Like fashion trends, food trends are cyclical, and coconut oil is back these days like a pair of neon leg warmers. It was reviled in the mid-'90s as the artery-clogging, cholesterol-raising secret behind delicious movie theater popcorn. Now coconut oil has made a stealthy comeback—and this time around, it’s being considered by many as a health food.
According to Dr. Tom Brenna, a professor of nutritional sciences at Cornell University, that’s because the coconut oil found at health food stores today is not the same as what was some 20 years ago.
“One is highly processed and the other one is much less processed,” he says. “And the less processed one, which we call virgin coconut oil, seems to be a much more healthful product.”
Melissa Clark, who covered the topic in her "Good Appetite" column for The New York Times, explained that “non-hydrogenated, virgin coconut oil—the pure stuff actually squeezed from coconuts—is not as bad for you as we were led to believe.”
While deep-fried candy bars are still probably not a good idea, there is a growing distinction between “good” and “bad” fats. Virgin, unprocessed coconut oil happens to fall in the former category. She explains that many of the previous reports condemning saturated fats have been peer reviewed and found lacking in some instances. “The fact is that there are also different kinds of saturated fats, and we’ve been lumping it together in this big evil cloud of saturated fat,” says Clark. “Now we’re hearing: ‘Oh, well, maybe you can eat a little bit of it, as long as you don’t overdo it.’”
Clark notes that coconut oil is a medium-chain saturated fat that contains lauric acid, which she says has not been shown to be related to heart disease. In fact, lauric acid is naturally present in breast milk. It’s easily digested, protects babies’ gastro-intestinal tracts, and can be used to help patients who have had gastro-intestinal surgery. Lauric acid has also been shown to boost immune systems. However, as with all recently hot food trends, there’s a limit to what lauric acid can do.
“Of course, you go on the Internet and type in lauric acid, and it starts to tell you that it’s good for everything: It’s good for acne...It’s going to cure the common cold. It’s going to help you lose weight. None of those things are proven at all,” cautions Clark.
Coconut oil has proven results in the kitchen, however. It’s a vegan-friendly substitute for butter since it stays solid at room temperature.
“It cooks food beautifully because it can withstand pretty high temperatures,” says Clark, who adds that it doesn’t impart a bitter flavor like other cooking oils. “It gives just a real gentle sweetness to foods.”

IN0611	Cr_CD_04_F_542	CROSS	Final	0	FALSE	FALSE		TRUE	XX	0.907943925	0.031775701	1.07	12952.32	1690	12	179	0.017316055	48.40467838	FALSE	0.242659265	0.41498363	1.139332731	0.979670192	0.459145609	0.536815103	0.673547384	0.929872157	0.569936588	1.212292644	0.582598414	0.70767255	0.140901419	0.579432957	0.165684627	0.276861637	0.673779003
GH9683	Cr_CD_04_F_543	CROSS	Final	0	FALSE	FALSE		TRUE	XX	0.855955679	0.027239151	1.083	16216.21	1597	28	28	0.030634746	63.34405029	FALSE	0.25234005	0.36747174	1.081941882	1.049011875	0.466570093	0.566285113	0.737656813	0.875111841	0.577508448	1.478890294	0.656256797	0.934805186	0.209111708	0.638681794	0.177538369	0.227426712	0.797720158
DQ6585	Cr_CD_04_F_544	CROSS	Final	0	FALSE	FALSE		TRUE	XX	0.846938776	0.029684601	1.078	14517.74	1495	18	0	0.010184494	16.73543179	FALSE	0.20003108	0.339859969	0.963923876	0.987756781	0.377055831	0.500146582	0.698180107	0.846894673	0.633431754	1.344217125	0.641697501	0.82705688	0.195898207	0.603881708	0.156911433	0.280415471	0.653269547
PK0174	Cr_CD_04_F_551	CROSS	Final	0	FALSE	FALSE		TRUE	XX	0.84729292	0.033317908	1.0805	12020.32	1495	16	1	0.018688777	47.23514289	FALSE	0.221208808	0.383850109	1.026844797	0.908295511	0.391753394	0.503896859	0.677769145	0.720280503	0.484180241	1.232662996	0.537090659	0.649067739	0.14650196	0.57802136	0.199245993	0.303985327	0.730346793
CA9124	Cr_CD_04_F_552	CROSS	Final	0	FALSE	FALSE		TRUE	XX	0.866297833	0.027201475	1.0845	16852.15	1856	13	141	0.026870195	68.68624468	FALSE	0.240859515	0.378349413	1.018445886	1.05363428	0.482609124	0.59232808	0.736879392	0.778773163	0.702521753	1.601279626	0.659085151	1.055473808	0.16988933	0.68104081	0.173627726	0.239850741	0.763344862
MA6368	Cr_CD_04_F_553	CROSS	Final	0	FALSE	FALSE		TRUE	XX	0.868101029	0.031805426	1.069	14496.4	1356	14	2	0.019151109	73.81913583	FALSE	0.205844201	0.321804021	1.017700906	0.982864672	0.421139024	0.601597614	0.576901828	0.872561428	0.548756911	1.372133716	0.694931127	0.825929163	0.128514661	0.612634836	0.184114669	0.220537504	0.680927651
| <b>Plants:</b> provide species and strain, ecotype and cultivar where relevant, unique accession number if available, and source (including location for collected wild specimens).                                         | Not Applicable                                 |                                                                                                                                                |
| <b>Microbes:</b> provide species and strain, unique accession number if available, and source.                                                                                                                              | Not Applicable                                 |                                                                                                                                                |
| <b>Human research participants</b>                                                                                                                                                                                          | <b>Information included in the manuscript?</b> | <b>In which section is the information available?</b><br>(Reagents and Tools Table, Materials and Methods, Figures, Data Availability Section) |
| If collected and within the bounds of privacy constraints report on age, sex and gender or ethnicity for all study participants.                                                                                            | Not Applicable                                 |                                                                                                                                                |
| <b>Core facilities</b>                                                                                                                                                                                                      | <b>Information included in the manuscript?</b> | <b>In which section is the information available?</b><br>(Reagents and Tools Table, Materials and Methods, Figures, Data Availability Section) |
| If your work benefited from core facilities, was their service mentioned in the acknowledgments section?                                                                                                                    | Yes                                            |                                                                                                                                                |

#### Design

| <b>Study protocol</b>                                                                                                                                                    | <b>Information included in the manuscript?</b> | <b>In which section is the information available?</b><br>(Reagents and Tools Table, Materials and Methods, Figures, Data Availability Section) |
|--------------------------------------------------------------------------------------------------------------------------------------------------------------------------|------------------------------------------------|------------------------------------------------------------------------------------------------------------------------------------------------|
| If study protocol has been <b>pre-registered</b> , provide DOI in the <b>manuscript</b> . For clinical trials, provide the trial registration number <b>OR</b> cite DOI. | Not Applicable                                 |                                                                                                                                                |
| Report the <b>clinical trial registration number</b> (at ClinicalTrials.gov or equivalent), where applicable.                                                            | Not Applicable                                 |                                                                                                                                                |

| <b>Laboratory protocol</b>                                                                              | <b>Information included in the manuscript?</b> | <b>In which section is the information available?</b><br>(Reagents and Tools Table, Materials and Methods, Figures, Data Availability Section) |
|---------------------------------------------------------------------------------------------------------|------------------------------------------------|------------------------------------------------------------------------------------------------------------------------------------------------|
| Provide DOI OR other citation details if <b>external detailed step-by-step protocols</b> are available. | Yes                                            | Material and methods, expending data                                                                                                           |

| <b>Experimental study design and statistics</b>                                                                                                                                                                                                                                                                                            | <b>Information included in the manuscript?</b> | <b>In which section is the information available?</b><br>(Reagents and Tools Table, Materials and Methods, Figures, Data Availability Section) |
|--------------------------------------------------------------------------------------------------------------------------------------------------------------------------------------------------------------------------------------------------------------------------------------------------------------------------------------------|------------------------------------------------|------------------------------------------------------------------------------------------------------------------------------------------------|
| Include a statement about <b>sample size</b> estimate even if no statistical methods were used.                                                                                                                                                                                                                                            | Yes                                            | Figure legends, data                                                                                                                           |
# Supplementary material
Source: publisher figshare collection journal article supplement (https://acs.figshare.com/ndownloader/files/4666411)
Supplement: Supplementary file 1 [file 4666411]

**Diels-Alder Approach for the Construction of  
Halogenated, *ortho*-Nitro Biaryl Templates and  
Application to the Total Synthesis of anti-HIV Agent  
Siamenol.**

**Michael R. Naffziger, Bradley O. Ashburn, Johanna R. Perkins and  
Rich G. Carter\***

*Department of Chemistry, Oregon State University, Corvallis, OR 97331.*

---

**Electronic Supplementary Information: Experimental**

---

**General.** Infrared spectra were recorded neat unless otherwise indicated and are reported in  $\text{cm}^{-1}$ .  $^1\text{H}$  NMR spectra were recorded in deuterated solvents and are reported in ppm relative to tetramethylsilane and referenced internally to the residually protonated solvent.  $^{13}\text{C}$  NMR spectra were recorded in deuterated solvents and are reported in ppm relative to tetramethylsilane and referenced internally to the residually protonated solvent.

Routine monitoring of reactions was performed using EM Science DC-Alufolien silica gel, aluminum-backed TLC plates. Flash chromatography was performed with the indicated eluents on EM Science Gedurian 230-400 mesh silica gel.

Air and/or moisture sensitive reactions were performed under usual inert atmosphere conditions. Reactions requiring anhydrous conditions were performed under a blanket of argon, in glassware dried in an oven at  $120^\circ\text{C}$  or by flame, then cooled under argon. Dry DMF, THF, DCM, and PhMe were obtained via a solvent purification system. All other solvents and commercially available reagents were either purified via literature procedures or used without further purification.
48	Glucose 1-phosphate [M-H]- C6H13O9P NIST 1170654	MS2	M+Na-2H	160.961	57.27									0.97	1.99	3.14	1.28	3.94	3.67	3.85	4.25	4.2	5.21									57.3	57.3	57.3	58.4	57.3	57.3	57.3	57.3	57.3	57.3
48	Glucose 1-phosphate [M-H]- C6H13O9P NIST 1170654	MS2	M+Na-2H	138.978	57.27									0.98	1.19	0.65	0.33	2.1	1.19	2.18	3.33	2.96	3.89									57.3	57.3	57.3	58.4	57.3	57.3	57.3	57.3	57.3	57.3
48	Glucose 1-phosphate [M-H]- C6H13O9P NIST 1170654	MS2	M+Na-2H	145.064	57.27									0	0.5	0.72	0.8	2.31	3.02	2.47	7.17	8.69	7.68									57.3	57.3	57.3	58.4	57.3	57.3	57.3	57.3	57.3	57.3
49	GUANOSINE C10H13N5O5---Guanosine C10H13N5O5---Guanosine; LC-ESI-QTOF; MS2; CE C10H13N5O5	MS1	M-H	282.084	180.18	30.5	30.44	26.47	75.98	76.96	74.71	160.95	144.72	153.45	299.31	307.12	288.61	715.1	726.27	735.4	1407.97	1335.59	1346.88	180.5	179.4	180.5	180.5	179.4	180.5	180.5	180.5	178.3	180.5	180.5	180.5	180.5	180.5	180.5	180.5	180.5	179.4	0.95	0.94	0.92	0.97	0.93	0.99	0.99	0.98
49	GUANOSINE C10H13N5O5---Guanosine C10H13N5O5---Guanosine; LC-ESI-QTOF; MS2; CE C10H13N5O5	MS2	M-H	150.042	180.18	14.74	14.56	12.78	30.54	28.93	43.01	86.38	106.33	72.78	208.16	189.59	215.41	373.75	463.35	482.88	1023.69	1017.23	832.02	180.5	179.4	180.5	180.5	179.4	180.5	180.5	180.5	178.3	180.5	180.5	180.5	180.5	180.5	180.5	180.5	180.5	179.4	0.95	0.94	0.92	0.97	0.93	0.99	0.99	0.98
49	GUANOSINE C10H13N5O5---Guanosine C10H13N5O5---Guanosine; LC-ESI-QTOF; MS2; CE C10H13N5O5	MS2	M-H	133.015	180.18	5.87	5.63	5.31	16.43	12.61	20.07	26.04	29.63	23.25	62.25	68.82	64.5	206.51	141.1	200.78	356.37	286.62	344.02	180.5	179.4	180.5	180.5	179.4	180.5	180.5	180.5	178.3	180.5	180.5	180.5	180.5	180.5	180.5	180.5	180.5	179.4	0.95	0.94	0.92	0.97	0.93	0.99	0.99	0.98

Because of that slight sweetness, coconut oil isn’t a full-scale replacement for all standard cooking oils. Clark recommends using it for sauteing things like chicken or vegetables and is particularly enthusiastic about using coconut oil for preparing sweet potatoes.
It’s hard to say whether coconut oil is just a momentary craze, or whether it’s going to become a go-to for baked goods. The reality, though, is that coconut oil in its unaltered form has been around for ages.
“Coconut oil could be a passing fad in terms of, let’s say, Americans eating large amounts of it to get its lauric acid,” says Dr. Brenna, “but there are populations that eat a lot of coconut oil and seem to be pretty healthy.”
Below, get Melissa Clark’s recipe for double coconut granola, which will appear in her upcoming book, "Cook This Now." (It’s out in October from Hyperion.)
Double Coconut Granola
Makes about 7 cups
- 3 cups old-fashioned rolled oats
- 1 1/2 cups raw pecans, coarsely chopped
- 1 cup raw pumpkin seeds, hulled
- 1 cup coconut chips
- 1/2 cup pure maple syrup
- 1/2 cup virgin coconut oil, melted
- 1/3 cup packed light brown sugar
- 1 teaspoon kosher salt
- 1/2 teaspoon ground cinnamon
- 1/4 teaspoon freshly grated nutmeg
- 3/4 cup dried cherries
1. Preheat the oven to 300° F.
2. In a large bowl, combine the oats, pecans, pumpkin seeds, coconut chips, maple syrup, coconut oil, brown sugar, salt, cinnamon, and nutmeg. Spread the mixture on a rimmed baking sheet in an even layer and bake until golden all over, about 45 minutes, stirring every 10 minutes.
3. Transfer the granola to a large bowl and add the cherries, tossing to combine.